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Gout

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Gout

I recently was diagnosed with gout. Can you tell me more about it?
Gout often is identified by a sudden onset of an arthritis-type pain that usually starts in the big toe and goes up the leg. It is caused by a build-up of a normal substance in the body called uric acid.

When you have gout, too much uric acid ends up in the blood. This can result from the body producing too much uric acid or by the kidney’s inability to excrete uric acid. Gout develops when uric acid deposits in the joints, causing the pain that is so common when gout is diagnosed. Many people have high uric-acid levels without getting gout. 
                     
What causes gout?
The exact cause is unknown. Men get gout more often than women, and those with a family member with gout are at an increased risk. Heavy alcohol use (especially beer), diabetes, high blood pressure, obesity, sickle-cell anemia, and kidney disease increase your risk for gout. It also may develop in people who take medications that interfere with uric acid excretion, including some diuretics, low-dose aspirin, and niacin.

What is a gout attack?
Usually the onset of pain from gout is sudden and may include fever, chills, and malaise. This type of gout attack can last up to several days and possibly is triggered by stress, alcohol, drugs, crash diets, or another illness. Another attack may not occur for several months and often seemingly occurs at random.

Did my diet cause my gout?
Maybe. Evidence shows that certain lifestyle factors are associated with gout. A diet high in meat and saturated fats, alcohol intake, obesity, and medications such as thiazide and loop diuretics all are associated with gout. While it is unlikely that any one food in particular causes gout, the combination of eating and drinking too much and gaining weight seems to make a person more apt to get gout.  

How is gout treated?
No cure for gout exists, but treatment is possible. Pain management during attacks is recommended, as is treatment of existing medical conditions, such as diabetes or renal disease. Medications can help reduce the uric acid levels in the blood. Eating a healthy diet may help prevent attacks.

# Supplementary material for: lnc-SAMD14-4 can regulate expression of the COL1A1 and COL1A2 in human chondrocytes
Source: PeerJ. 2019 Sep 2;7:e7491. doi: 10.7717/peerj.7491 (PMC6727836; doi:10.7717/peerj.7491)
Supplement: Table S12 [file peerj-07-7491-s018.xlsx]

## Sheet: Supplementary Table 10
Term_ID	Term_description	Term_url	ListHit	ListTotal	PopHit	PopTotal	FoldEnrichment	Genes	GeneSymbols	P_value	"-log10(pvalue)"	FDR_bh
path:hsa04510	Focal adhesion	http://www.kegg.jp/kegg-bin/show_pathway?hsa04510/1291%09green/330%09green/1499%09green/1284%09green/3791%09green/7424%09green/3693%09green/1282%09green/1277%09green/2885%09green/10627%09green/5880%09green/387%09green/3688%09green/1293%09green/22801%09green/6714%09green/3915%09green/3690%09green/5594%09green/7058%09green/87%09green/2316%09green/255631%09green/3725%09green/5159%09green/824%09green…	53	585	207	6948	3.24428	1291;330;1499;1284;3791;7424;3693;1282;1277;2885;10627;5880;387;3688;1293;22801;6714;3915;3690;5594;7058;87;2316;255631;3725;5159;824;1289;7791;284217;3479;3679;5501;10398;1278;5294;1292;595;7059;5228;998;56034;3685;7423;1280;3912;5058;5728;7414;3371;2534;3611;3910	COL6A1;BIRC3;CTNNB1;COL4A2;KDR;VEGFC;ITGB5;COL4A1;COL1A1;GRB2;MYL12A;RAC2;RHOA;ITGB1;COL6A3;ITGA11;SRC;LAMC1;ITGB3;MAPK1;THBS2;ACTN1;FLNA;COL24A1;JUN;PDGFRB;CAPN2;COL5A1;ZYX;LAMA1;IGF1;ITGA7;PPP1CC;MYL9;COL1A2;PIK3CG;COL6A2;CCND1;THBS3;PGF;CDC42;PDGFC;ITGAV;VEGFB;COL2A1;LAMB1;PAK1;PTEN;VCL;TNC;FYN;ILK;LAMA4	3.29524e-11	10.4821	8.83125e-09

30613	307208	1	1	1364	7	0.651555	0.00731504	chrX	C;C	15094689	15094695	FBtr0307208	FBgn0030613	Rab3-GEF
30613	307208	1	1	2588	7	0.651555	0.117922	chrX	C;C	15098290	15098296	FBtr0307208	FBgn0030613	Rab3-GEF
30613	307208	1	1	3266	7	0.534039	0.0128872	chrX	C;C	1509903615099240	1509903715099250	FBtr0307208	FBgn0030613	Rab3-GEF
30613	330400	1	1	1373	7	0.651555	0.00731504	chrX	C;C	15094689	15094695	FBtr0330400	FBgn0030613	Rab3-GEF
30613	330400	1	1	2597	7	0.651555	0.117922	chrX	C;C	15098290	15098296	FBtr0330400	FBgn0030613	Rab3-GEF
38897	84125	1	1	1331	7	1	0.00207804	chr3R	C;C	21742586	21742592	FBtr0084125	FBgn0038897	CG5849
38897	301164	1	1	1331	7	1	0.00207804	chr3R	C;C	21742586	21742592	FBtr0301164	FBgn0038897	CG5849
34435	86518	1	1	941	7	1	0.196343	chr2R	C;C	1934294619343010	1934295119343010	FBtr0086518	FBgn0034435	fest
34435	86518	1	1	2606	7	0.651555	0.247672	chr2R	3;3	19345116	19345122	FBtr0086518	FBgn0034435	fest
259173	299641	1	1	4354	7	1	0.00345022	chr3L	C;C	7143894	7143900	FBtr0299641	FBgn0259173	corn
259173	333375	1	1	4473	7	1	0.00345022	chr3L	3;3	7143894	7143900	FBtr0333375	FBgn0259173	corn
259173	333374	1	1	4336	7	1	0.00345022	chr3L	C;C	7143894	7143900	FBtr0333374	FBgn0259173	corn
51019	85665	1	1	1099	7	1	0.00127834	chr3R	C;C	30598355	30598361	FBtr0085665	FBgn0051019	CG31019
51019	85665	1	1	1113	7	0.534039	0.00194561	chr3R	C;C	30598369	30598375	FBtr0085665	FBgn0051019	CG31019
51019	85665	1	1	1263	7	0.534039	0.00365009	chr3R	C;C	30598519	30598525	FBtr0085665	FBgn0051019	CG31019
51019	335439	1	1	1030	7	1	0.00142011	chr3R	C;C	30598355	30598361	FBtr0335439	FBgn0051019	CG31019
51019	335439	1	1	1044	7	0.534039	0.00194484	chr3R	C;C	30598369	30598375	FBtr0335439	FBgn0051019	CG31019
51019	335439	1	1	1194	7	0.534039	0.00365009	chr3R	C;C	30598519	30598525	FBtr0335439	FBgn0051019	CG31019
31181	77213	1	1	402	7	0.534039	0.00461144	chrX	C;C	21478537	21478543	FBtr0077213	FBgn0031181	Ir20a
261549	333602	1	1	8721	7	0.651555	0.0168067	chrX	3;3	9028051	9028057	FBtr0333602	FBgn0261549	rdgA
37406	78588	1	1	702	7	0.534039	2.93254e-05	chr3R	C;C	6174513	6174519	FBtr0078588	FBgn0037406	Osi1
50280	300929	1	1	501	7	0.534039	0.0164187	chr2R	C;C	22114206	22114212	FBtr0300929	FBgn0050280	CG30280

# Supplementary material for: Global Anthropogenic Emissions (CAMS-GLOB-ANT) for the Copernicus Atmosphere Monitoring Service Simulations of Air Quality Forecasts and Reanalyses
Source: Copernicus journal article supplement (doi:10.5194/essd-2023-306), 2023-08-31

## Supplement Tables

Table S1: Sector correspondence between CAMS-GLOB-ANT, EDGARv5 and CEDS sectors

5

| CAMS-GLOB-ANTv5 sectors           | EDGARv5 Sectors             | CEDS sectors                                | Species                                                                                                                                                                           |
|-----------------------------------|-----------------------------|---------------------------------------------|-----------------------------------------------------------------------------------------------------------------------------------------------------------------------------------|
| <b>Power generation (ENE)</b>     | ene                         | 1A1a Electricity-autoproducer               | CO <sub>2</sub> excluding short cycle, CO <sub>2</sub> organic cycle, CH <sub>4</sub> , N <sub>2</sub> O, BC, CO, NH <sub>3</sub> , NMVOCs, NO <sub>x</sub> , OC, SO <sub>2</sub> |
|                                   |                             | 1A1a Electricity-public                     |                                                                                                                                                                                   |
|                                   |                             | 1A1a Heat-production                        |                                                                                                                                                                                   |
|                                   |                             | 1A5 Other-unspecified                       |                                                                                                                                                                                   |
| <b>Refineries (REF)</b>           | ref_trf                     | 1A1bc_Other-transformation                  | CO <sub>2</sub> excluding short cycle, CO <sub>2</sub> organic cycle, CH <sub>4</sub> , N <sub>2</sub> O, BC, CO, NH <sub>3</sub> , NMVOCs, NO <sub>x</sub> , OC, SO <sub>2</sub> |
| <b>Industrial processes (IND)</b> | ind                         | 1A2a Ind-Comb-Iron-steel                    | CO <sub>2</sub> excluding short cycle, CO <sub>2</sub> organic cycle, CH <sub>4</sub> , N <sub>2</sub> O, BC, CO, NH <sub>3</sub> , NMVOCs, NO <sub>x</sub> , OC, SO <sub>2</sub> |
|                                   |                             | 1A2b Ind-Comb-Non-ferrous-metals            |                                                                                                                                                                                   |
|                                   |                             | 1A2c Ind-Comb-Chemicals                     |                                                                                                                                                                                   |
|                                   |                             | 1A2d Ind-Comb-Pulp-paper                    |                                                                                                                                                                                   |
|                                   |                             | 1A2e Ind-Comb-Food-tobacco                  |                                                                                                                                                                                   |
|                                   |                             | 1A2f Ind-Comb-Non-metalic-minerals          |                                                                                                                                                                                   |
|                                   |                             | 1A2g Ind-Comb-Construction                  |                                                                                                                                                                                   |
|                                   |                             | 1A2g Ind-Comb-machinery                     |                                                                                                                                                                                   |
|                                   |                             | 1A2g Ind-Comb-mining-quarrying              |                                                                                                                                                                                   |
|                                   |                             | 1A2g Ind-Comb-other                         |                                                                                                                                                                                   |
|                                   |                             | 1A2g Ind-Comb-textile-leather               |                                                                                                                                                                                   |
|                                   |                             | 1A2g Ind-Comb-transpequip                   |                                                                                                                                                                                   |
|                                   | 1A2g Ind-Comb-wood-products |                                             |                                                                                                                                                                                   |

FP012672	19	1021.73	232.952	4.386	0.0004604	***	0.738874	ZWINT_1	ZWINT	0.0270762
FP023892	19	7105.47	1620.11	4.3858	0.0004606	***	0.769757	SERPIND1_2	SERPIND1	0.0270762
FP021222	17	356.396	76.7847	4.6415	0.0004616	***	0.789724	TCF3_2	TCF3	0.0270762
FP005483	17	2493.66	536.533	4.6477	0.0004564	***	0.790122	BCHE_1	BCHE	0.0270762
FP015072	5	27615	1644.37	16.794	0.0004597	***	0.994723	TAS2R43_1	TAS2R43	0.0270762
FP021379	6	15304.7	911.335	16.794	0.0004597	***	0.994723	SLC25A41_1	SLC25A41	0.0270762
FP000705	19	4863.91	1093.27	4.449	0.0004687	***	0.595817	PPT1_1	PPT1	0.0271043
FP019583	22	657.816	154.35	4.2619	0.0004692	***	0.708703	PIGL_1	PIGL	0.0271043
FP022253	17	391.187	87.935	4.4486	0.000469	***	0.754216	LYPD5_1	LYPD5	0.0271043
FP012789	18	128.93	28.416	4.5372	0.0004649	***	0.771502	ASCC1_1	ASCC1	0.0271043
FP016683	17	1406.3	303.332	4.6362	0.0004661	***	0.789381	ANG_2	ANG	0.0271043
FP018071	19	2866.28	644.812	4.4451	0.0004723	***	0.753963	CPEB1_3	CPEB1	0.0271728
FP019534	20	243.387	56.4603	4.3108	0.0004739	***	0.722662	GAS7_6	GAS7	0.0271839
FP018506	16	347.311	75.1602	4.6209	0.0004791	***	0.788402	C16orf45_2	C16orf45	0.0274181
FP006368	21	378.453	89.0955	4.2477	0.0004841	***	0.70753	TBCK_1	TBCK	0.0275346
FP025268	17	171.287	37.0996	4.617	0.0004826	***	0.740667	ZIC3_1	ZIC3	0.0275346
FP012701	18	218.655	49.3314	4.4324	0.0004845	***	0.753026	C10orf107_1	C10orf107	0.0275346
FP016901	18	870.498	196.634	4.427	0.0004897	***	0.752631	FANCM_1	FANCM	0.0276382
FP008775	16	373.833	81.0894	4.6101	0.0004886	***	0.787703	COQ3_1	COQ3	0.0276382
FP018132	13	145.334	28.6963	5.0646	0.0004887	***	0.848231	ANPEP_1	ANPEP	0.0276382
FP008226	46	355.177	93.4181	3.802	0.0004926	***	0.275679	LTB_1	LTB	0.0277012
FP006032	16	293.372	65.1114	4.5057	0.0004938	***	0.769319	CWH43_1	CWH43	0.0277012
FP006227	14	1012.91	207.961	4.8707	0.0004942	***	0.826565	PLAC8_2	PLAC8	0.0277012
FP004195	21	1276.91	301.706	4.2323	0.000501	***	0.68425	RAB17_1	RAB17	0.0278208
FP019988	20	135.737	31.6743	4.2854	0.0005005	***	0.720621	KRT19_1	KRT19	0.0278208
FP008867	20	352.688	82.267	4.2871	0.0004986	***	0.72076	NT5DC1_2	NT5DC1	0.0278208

What should I eat to help manage my gout?
It is important to drink plenty of fluids during or between attacks. Experts recommend drinking 8–16 cups of fluid each day, at least half as water. You also should limit your alcohol intake. It may help to limit foods high in purines.

High-purine foods include:

  • Organ meats (brain, kidney, and heart)
  • Anchovies
  • Sardines
  • Shellfish, such as scallops and mussels
  • Mackerel
  • Herring
  • Goose
  • Consommé
  • Bouillon
  • Broth
  • Fish eggs

The following foods are moderately high in purine:

  • Meats, poultry, and fish
  • Certain vegetables, such as:
    • Asparagus
    • Dried beans 
    • Lentils  
    • Mushrooms 
    • Dried peas 
    • Spinach

Some experts suggest that you try not to eat foods high in purine more frequently than every other day in an attempt to help reduce uric-acid buildup.

To help prevent gout and during a gout attack, limit meat, fish, and poultry to 4–6 ounces/day. This recommendation is consistent with the Dietary Guidelines for Americans, not just for individuals with gout.

Food sensitivity in patients with gout varies for each individual. It is best to pay attention to what you eat before, during, and after a gout attack, and try to identify foods that cause attacks or make them worse. Keeping a food diary during gout attacks can help determine foods that are triggers for you. Because of the risk for nutrient deficiencies, it is important not to completely eliminate foods unless you suspect the food will trigger a gout attack.

 

References
Academy of Nutrition and Dietetics. Nutrition Care Manual®. Available to subscribers at: www.nutritioncaremanual.org. Accessed April 11, 2012.

Mahan LK, Escott-Stump S, Raymond JL. Krause’s Food and Nutrition Care Process. 13th ed. St Louis, MO: Elsevier Saunders; 2012.

MedlinePlus. Gout. Available at: http://www.nlm.nih.gov/medlineplus/ency/article/000422.htm. Accessed April 11, 2012.

 

Review Date 4/12
G-0590

G_0590_Gout.doc

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